In the case of renewable energy it’s not Left – Right it’s big money politics.

          • wideEyedPupil

            That doesn’t negate what I was talking about concerning the rise of the Greens on the left of Australian politics (mostly they are towards the left on issues, despite the sometimes irrelevance of that traditional spectrum of political positions). The fact is that ALP moved massively towards neo-liberal economics under Hawke-Keating rule. It’s left a vacuum in their party, Gillard was once of the left and by the time she was PM was no where near it. The Greens are much more impervious to big money politics than the ALP and even the unions who often march in lockstep with the bosses on environmental issues (and sometimes do not like the Green Bans of the 70s/80s)

          • wideEyedPupil

            I’m not trapped in my thinking in the way you describe at all. I’m well aware of comments by the corrupt Martin Ferguson that ‘Labor or Liberal, Australian energy and mining policy is always consistent’. He despises renewables just as much as the current minister (his love of the currently irrelevant wave energy notwithstanding)

      • Leon

        As a friend who worked for the Productivity Commission once said of the Liberals, “they don’t like to pick winners”. The implication being that they are more likely to leave it to the market to decide. In this case though, they seem keen to support a likely loser (in the form of coal).

  • http://www.beyond2030.com/ Beyond2030

    Great article, although as usual I wish I were able to share more in Paul’s unbeatable optimism. My question is whether the market forces will be allowed to run their course because unfortunately the designated losers of this “war” are still in the driving seat when it comes to political funding / lobbying power.

    • wideEyedPupil

      Yeah if the market is doing it’s job, then it is not working nearly fast enough or well enough. And if, as Paul says, that incumbents are rarely responsive to major disruptive dynamics in time for them to survive a transition, then how about populations, civilisations and ecosystems? The prognosis is actually acutely poor and few (except for climate scientists in private) have the courage to see that with open eyes and communicate it.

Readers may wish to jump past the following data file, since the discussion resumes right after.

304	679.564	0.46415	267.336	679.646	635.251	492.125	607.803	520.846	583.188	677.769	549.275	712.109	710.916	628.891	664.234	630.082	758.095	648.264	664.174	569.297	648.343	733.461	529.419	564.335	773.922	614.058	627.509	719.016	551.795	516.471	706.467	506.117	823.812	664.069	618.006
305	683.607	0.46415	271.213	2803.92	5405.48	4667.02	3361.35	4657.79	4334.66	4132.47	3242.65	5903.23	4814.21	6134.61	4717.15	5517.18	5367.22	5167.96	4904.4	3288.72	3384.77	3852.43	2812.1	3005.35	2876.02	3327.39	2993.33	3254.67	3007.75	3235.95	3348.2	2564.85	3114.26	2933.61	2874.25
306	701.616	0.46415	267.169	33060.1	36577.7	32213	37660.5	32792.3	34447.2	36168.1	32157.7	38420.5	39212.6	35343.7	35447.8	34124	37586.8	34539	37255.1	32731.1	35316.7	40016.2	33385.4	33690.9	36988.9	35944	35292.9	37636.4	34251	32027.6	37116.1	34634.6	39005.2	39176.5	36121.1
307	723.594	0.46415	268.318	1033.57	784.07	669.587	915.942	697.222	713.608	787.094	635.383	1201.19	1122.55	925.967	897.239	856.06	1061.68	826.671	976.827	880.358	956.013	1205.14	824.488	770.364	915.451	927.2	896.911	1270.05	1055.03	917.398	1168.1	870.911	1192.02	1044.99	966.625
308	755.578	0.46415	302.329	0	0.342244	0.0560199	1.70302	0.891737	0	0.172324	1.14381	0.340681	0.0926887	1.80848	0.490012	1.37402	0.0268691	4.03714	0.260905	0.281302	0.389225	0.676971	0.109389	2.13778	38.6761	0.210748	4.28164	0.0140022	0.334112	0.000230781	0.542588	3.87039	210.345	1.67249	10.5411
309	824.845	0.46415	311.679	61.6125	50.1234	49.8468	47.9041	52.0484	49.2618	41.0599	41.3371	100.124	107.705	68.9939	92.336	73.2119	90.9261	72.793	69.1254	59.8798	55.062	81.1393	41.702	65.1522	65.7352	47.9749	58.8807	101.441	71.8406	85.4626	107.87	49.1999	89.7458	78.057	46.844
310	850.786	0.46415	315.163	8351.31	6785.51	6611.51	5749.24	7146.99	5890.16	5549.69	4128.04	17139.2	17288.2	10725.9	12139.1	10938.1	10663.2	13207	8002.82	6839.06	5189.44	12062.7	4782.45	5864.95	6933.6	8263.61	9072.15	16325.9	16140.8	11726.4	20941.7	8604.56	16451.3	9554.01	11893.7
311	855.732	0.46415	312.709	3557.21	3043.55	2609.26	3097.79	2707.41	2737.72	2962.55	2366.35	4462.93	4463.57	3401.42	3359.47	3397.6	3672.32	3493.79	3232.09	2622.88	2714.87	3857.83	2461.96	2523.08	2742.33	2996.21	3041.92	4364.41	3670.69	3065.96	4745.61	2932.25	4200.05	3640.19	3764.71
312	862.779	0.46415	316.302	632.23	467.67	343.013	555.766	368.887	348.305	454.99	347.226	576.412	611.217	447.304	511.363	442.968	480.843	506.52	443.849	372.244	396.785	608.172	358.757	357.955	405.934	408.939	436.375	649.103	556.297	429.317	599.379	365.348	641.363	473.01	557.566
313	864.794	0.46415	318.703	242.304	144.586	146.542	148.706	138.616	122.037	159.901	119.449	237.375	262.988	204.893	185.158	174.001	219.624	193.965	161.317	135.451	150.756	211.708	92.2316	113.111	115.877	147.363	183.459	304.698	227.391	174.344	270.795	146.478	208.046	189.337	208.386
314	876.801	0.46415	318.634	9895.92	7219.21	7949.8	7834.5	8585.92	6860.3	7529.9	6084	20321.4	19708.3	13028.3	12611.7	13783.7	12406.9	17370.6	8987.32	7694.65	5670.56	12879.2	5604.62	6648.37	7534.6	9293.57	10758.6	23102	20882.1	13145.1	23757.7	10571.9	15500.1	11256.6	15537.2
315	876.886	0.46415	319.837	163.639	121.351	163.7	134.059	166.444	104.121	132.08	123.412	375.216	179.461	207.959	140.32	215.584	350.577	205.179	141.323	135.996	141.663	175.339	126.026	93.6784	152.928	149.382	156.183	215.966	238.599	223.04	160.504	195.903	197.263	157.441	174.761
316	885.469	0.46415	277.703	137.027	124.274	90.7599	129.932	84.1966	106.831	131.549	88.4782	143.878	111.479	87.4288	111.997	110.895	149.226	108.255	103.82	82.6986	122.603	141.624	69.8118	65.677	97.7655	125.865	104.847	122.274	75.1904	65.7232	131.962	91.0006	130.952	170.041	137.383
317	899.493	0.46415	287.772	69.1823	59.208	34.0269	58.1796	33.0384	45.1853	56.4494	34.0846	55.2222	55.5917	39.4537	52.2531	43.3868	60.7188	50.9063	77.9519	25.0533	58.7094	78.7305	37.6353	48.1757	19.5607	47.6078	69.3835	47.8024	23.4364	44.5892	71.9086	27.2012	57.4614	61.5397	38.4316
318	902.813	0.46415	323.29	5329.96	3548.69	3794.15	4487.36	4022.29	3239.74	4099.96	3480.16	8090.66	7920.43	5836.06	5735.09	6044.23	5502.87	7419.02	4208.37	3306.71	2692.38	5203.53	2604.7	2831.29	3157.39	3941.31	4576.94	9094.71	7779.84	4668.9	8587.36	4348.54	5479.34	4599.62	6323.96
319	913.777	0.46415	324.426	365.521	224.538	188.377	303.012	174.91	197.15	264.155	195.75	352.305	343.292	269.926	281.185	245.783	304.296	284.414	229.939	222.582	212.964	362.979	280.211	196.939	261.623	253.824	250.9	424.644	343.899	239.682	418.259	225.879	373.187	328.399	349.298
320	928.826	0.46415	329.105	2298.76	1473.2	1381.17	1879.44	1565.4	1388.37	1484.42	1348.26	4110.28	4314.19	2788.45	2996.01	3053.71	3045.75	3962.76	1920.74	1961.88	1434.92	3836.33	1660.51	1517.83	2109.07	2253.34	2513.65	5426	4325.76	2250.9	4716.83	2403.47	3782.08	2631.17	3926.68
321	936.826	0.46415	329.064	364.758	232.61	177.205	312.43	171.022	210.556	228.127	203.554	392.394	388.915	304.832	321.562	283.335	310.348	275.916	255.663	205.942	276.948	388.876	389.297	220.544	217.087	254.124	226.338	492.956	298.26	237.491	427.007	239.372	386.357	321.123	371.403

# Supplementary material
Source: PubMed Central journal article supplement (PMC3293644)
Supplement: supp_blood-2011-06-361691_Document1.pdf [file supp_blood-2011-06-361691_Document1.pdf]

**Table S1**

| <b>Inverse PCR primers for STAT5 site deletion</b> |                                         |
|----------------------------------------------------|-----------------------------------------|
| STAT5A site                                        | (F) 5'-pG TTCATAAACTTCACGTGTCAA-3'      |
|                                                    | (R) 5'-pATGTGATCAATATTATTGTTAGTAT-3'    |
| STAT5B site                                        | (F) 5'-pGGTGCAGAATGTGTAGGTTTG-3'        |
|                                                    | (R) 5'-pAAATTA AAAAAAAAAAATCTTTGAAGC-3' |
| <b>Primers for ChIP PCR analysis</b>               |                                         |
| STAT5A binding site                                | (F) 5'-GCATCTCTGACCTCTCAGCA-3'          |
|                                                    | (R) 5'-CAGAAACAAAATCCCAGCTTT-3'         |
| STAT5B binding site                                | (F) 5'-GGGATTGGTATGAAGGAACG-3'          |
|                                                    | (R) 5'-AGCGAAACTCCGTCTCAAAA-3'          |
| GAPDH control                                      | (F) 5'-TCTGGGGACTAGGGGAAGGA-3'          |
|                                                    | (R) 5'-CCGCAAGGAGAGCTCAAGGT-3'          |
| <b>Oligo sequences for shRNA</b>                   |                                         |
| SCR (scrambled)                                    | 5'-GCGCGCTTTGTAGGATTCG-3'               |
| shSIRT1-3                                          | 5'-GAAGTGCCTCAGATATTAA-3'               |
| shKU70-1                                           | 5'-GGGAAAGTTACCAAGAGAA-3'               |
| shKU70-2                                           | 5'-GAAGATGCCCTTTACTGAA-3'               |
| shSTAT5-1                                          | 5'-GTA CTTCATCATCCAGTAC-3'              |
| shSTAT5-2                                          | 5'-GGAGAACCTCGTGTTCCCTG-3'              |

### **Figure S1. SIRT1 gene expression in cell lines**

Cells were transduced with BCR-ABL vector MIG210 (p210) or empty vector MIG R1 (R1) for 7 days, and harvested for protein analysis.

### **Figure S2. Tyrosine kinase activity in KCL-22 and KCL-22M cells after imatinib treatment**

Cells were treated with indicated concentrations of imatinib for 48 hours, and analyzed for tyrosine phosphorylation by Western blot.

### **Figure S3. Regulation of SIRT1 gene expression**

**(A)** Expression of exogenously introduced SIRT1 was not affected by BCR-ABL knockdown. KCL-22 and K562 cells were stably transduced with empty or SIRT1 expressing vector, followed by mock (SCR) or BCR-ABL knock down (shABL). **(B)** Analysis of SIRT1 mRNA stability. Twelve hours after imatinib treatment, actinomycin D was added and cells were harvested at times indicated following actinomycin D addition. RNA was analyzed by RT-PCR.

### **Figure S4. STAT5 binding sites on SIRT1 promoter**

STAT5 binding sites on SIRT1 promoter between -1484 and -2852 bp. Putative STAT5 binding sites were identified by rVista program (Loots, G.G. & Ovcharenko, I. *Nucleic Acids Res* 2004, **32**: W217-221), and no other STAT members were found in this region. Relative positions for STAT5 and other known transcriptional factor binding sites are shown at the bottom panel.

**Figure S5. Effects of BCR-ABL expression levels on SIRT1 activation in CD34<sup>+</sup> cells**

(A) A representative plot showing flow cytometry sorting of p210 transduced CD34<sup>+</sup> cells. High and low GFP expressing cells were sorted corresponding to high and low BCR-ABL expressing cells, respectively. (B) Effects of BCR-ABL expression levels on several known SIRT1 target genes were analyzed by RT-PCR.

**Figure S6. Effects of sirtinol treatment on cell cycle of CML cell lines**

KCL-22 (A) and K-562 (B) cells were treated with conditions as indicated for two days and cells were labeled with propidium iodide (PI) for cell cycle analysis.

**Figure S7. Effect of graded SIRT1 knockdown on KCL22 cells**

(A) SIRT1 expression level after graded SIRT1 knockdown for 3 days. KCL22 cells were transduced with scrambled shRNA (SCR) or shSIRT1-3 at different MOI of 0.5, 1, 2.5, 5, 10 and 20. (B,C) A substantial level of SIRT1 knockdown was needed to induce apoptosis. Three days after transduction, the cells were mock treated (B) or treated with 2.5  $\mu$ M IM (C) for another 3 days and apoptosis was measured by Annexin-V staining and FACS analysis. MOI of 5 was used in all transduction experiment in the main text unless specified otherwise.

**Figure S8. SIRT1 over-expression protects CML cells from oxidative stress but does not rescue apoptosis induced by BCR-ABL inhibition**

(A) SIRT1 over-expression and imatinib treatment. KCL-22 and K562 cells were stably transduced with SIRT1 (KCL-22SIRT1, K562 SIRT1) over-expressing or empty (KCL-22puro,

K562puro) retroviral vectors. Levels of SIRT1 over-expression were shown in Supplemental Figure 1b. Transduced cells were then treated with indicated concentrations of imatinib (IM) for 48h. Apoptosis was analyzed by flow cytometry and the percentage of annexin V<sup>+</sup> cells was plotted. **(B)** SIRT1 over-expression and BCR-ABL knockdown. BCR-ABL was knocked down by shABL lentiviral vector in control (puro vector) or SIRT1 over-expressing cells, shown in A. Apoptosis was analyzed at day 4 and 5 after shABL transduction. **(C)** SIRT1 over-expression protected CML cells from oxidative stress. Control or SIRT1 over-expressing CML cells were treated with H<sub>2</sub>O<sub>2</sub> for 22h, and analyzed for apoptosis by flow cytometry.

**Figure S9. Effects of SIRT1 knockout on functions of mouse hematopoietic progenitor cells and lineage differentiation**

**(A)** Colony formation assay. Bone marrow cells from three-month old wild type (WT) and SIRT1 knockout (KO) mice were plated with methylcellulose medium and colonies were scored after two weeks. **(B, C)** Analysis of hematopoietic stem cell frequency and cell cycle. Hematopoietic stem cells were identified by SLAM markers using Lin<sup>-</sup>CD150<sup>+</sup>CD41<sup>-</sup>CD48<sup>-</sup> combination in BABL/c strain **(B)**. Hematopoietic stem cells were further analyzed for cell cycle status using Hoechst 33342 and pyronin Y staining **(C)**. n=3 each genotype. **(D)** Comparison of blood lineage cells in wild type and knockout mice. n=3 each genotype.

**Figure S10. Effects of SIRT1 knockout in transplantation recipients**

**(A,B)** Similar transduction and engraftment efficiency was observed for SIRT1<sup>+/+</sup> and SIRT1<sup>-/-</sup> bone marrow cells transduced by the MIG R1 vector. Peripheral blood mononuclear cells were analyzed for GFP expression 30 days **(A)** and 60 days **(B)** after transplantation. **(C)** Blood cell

Of course we must maintain hope, and faith in human resourcefulness and wisdom in the face of disaster, but the momentum of the climate is unforgiving and hard to play catch-up with.

      • sean

        this is true, but like most disruptions will happen on a bell curve, with most of the transition happening in a very short period of time. At first it will only be new build that will find it economically attractive to choose the new option, then the costs in maintaining business as usual will become so great that the bulk of businesses will switch method.

        at the moment we are seeing prediction of the inflection of that bell curve. Check back in 4 years to see how close to the money we were.

        • wideEyedPupil

          The bell curve you are talking about is four centuries wide (emissions are two centuries old) we actually don’t have anything like that amount of time to see the other side of the bell curve roll out.

          So it’s not a bell curve at all, it won’t be as disruptions never happen like that. That rising curve of the past needs to go of a cliff in the near future! Potsdam gives heavy historical emitters like Australia ten years from 2010 to zero our emissions. From their we must sequester carbon somehow.

          • wideEyedPupil

            Or this if the Disqus accepts the image for once.

        • wideEyedPupil

          This!

  • Murphy

    Not a good time to be holding fossil shares ‘eh?

    Having so such fears, I fund it fun watching the solar/wind powered lecky meter spinning backwards most any time of day or night. Plan now is to add one more windy to generate hydrogen to serve backup generator, car, boat, name you toy.

    A plus no fossil industry can supply is in the power to keep the lights on for neighbours when the fossil powered grid inevitably goes awry. There’s a lot of aged and disabled where we live. Happy neighbours does rock.

    Yes, with no more power bills, there is a perpetual smile in our home that wasn’t there before. How do you put a price on that content feeling that no fossil can compete with.

    The mind it does boggle in the neatest ways.

  • Chris Fraser

    Great article thanks !